Articles about Partnerships and Voluntary controls

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Voluntary controls fail to reduce harmful advertising

Public health, corporations and the New Responsibility Deal: promoting partnerships with vectors of disease?



The  Medical Journal of Australia in June reports a study by Sydney researchers showing  that fast food advertising had not declined but possibly increased since the introduction of voluntary controls.

An analysis by Rudd  shows that since voluntary controls started in the USA the extent of TV advertising of junk food to children has not declined and actually increased strongly in 2010


Corporate Social Responsibility and Access to Policy Élites: An Analysis of Tobacco Industry Documents


The findings of this paper suggest that tobacco company CSR strategies can enable access to and dialogue with policymakers and provide opportunities for issue definition. CSR should therefore be seen as a form of corporate political activity. This underlines the need for broad implementation of Article 5.3 of the Framework Convention on Tobacco Control. Measures are needed to ensure transparency of interactions between all parts of government and the tobacco industry and for policy makers to be made more aware of what companies hope to achieve through CSR.



Public health sector and food industry interaction: it’s time to clarify the term ‘partnership’ and be honest about underlying interests  This paper by Corinna Hawkes and Kent Buse  is published in the European Journal of Public Health, Vol. 21, No. 4, 400–403 

"Public–private interactions to promote healthy eating now assume a role in the exercise of power that affect decisions about

how to address unhealthy eating and associated public health outcomes. They are thus not to be taken lightly. As their development gains pace, public health policy makers can and must continue their role in setting public health objectives. This is simply not an appropriate role for the private sector who are not, after all, public health officials. When it comes to public– private engagement for healthy eating, it is only after the public health objective has been set that policy makers should even think about engaging with the food industry". Buse partnerships EJPH_0.pdf

An analysis of the content of food industry pledges on food marketing to children Corinna Hawkes 1,* and Jennifer L Harris Public Health Nutrition  

Conclusion The food industry has a long way to go if its pledges are to comprehensively reduce the exposure and power of marketing to children. ..... limitations in pledge coverage give the impression that, in both letter and spirit, the intention of the companies involved is not to reduce food marketing to children as much as they possibly can, but just to limit some direct marketing of very high-fat, high-salt, high-sugar products to children..... The question is thus whether the pledges are making a meaningful contribution to the gap left by governments, or whether the pledges are in fact being used to deflect governments from taking the more comprehensive action that WHO acknowledges would have a far greater impact. That the differences between pledges around the world reflect political (and other) pressures suggests that the government leadership recommended by WHO will be necessary if the industry is to take a more comprehensive approach towards ensuring that children are exposed to as little marketing – especially particularly powerful marketing – as possible.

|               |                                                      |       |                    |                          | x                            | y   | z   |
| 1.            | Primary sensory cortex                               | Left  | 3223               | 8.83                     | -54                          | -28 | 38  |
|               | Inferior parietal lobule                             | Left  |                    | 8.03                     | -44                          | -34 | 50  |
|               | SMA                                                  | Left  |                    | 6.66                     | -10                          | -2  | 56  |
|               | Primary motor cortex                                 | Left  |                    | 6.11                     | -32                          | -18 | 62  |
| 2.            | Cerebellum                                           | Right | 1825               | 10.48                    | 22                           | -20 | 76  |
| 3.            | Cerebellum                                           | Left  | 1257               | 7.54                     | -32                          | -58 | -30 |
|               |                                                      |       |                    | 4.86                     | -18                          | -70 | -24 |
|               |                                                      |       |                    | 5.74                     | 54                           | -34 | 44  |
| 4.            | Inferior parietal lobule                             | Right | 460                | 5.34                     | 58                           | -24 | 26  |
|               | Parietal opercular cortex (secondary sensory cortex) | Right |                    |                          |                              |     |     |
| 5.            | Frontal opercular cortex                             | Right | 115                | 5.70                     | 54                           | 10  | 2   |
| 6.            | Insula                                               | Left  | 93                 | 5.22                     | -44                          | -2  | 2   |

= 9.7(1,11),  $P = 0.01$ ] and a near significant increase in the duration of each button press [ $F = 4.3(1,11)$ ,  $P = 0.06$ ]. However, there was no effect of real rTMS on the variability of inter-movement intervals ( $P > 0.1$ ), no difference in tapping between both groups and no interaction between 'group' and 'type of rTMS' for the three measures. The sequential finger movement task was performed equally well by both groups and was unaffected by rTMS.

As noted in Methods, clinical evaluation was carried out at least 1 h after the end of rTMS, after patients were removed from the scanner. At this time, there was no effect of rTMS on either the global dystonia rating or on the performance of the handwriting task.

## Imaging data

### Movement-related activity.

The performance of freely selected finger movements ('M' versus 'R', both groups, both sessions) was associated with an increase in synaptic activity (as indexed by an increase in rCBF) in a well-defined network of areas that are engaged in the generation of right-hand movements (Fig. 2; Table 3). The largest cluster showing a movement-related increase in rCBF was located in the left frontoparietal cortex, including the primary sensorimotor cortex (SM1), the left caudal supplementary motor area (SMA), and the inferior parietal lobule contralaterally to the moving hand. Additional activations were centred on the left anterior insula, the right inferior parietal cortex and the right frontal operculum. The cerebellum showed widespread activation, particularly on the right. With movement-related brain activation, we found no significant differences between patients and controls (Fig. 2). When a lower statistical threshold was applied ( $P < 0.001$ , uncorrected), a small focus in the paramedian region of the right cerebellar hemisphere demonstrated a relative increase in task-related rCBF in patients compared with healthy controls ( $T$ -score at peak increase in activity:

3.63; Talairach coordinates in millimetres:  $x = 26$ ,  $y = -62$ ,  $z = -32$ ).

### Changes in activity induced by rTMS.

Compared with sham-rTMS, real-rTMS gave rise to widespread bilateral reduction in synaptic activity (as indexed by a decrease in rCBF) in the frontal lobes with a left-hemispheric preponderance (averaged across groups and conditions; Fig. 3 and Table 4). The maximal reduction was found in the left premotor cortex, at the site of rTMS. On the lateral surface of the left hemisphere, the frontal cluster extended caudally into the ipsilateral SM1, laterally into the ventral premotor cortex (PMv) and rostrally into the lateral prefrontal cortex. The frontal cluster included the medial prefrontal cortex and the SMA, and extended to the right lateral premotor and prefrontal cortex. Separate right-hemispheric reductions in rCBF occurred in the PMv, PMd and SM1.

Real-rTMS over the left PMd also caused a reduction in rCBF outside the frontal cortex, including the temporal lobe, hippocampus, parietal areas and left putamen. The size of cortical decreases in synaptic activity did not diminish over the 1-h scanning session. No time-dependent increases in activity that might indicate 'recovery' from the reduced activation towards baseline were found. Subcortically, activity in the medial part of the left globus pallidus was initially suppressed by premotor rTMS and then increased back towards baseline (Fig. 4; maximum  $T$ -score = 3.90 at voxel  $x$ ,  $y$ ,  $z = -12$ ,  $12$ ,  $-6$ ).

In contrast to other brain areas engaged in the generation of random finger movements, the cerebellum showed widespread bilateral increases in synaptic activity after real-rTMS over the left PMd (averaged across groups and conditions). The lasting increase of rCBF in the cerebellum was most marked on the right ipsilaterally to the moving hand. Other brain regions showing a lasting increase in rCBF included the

The Problem with Platforms: 2‐page rapid response to NCD Alliance from  IASO . Platforms and Partnerships.pdf

Meanwhile the Wall Street Journal article, a shows that Pepsi is under strong pressure to return to their core market for snacks and soda.
Further analysis of TV data in Europe  is expected to show a worsening of food ads to children in the years 2008 to 2010
Thanks to Tim Lobstein of IASO and the Stanmark Project  for above stories


Other useful articles:


Global Health Philanthropy and Institutional Relationships: How Should Conflicts of Interest Be Addressed?   Stuckler D, Basu S, McKee M (2011)  PLoS Med 8(4): e1001020. doi:10.1371/journal.pmed.1001020


An analysis of the content of food industry pledges on marketing to children  Public Health Nutrition  by Corinna Hawkes (1)  and Jennifer L Harris  (2)

Submitted 31 August 2010: Accepted 25 February 2011

1 Consulting Services, Food and Nutrition Policy and Fellow, Centre for Food Policy, City University, London, UK:

 2 Rudd Center for Food Policy and Obesity, Department of Psychology, Yale University, New Haven, CT, USA   






Short minutes-"Workshop PPP's on governance"

21 October 2008  Luxembourg. 


......The following elements were identified for further discussion:


  •  Definition of Public Private Partnership the meaning of the word ‘partnership’  and whether other terms such as “interactions with the Private Sector’ might be more appropriate..

Rules of Governance of PPP's 

  •  Roles of every actor within the PPP's. 
  •  Management of Conflicts of interest.
  •  Independent monitoring : how to built “monitoring so that it remains independent and credible.



Australia MJA fast food ads.PDF248.61 KB
14.11.Pepsi WSJ.pdf181.07 KB
Gloabal Health Philanthrophy and COI.pdf162.21 KB
phn11hawkesfoodindustrypledges.pdf153.05 KB
RuddReport_TVFoodAdvertising_6.11 2.pdf46.07 KB
Page 1 eMJA.pdf100.74 KB
P1PHNhawkespledges.pdf46.67 KB
hawkes Buse partnerships EJPH.pdf47.97 KB
IASO Platforms and Partnerships.pdf161.23 KB
PPPs governance Eur Commission.pdf54.69 KB